The park occupies a deep hill pocket which was once the bed of an arm of the old Genesee River delta. It is threaded from north to south by Irondequoit Creek.
The hills and ridges are covered with heavy growth of oak, ash, maple, and walnut, while the stream beds are lined with willows.
In the low areas there are cattail marshes, mowed fields, and scattered shrubs.
Powder Mills Park occupies just over 400 acres, about ten miles south east of Rochester.
From Rochester take Rte. 490 East to the Bushnell’s Basin exit. Turn left onto Rte. 96 South. After the traffic lights (Garnsey Road), take the first right (Park Road) to enter the park from the north east.
To see reports for recent sightings go to http://ebird.org/ebird/hotspots and type in either ‘Powder Mills Park’ or ‘Powder Mills Park Fish Hatchery.’
Powder Mills Park is best in the breeding season. Nesting species include a variety of warblers (Mourning, Cerulean, Blue-winged, Golden-winged, and hybrids have all been recorded), Belted Kingfisher, Blue-gray Gnatcatcher, Scarlet Tanager, flycatchers, and woodpeckers (including three pairs of Pileated).
SUGGESTED BIRDING ROUTE
The park is well-covered with trails and almost any area can turn up interesting birds in spring and summer. The area south of Woolston Road is less used for recreation and is worth exploring. The route overleaf will cover a variety of good spots in about two hours of leisurely birding on foot.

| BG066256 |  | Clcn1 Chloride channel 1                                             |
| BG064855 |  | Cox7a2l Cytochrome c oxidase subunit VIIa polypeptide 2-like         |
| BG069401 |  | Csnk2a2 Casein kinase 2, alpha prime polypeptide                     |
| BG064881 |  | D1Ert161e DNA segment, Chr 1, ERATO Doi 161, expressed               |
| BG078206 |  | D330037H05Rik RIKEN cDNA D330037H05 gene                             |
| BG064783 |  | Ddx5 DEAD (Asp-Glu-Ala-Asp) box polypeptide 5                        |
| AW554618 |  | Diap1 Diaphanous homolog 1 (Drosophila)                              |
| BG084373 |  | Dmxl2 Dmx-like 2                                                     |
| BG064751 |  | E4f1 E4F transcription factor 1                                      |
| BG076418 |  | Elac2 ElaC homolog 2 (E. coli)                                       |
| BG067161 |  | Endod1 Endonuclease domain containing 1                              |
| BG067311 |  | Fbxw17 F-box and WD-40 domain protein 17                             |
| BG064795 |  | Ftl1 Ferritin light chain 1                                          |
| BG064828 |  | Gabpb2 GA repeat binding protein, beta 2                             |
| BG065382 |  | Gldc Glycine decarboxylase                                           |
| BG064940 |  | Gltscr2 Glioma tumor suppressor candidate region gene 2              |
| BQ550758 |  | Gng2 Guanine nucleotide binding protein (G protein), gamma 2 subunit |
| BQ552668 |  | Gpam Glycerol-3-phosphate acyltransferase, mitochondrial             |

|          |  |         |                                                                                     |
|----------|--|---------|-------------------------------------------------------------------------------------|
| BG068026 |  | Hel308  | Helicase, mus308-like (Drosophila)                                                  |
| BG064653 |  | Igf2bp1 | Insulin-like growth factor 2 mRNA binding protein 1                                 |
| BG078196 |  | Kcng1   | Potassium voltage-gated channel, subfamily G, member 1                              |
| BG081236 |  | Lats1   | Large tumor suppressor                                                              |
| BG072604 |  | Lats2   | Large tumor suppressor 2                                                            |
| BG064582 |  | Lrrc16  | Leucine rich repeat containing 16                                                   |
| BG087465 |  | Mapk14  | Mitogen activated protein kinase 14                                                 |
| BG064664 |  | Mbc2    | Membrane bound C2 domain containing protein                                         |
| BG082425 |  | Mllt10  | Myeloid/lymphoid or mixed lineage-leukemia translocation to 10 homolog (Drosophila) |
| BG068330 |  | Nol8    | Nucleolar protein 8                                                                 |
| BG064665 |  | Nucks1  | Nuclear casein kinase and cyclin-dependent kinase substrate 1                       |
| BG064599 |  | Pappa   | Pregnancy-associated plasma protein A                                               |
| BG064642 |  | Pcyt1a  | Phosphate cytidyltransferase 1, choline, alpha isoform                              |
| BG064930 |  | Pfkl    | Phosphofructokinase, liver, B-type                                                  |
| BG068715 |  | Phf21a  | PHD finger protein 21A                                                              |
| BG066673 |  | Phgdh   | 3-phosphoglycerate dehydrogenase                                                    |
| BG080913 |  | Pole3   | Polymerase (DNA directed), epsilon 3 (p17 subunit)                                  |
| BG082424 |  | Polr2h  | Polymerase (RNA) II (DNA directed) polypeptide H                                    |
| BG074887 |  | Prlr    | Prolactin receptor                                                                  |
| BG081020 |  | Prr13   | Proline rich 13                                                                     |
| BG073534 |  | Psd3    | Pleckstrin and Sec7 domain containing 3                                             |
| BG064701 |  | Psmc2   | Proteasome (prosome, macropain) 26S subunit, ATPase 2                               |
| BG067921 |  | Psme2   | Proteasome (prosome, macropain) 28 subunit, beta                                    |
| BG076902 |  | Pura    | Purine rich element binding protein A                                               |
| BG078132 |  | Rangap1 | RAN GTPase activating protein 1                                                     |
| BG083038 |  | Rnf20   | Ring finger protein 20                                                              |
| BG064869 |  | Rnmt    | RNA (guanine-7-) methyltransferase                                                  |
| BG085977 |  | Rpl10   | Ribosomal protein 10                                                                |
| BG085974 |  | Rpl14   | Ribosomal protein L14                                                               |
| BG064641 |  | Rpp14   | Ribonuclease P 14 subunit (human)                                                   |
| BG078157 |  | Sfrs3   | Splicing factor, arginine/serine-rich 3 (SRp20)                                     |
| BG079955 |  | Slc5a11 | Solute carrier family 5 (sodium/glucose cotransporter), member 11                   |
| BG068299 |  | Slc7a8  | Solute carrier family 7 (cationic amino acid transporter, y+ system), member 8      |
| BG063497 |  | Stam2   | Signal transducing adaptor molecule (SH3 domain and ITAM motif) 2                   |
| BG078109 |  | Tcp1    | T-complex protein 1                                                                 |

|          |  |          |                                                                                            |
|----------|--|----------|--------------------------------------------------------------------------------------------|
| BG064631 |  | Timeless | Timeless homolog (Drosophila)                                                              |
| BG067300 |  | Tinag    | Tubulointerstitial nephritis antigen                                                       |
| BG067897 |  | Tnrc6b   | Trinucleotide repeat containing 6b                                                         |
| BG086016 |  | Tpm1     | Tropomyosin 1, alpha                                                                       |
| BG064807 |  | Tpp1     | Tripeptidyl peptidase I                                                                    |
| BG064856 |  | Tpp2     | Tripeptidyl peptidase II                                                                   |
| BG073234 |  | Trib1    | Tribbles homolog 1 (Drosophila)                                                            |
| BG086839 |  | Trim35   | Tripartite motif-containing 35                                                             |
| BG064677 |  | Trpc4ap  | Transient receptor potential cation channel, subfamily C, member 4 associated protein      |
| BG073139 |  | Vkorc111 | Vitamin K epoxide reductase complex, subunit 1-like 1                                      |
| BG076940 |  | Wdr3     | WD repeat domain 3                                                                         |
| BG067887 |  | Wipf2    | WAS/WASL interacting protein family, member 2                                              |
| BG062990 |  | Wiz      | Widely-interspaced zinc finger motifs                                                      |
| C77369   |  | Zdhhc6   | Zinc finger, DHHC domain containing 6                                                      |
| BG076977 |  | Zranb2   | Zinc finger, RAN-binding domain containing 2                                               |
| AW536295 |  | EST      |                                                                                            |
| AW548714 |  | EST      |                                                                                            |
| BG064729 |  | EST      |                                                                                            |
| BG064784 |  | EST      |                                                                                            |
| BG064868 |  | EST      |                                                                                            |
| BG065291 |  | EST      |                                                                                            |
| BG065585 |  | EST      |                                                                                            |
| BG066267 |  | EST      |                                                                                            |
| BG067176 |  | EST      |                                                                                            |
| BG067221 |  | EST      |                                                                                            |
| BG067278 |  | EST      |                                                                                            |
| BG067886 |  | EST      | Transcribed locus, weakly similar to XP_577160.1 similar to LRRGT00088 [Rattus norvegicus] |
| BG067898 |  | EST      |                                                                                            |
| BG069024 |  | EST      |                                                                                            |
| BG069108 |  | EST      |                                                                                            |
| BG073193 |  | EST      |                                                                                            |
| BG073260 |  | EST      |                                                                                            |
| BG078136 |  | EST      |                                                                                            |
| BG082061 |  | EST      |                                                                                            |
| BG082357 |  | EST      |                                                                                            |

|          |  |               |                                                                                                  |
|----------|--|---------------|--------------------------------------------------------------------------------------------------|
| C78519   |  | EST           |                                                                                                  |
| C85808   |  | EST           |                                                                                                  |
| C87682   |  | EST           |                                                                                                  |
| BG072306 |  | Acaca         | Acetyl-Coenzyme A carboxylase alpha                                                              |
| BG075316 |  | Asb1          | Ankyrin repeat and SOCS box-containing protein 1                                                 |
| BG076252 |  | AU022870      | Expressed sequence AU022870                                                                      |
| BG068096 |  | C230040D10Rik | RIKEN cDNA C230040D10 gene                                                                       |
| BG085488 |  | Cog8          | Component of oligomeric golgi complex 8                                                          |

On entering the park from Rt. 96 (see ‘Directions’), drive down the hill, passing the curious ‘mushroom house’ on your left. At the foot of the hill on the left is the parking lot for the Fish Hatchery. Start your walk here (point 1 on the map). There are two points of interest in this area: hidden in the trees behind and to the left of the Hatchery building is the Spring Pool, which supplies most of the water for the Hatchery. This is a good spot for Great Blue Heron, Belted Kingfisher, flycatchers, and warblers. Returning to the road, look for a variety of common birds around the house and fish pool, then cross Corduroy Road to the pond (point 2). In summer the wires over the pond usually hold a mixture of Cedar Waxwing, swallows, and other insect-eaters, especially in early evening.
On a spring morning it is worth a walk down Corduroy Road for the warblers and other singing passerines in the woods on both sides of the road. If pressed for time, there is a small gravel area off the east side of the road (point 3) where it is convenient to park.
From the Fish Hatchery, walk or drive on along Park Road to the parking lot by Rand Lodge (point 4). From the parking lot scan the tall trees across the creek: Pileated Woodpecker has nested here in recent years. Cross the stream (past a preserved mill wheel) to Wadhams Lodge, listening for Red-Bellied Woodpecker which frequent this area.
Behind Wadhams look over the marsh to your right (Trillium Marsh). A variety of species may be seen and heard in the shrubs and trees in and beyond the marsh. Take the footpath into the woods and keep right along the edge of the marsh. This trail (5 on the map) is particularly good for nesting thrushes, which can often be called from the trees on either side. (This path can be rather muddy in wet weather.) At the far end the path emerges onto Woolston Road at the foot of a tall bluff (point 6) in which Bank Swallow used to nest before it became overgrown.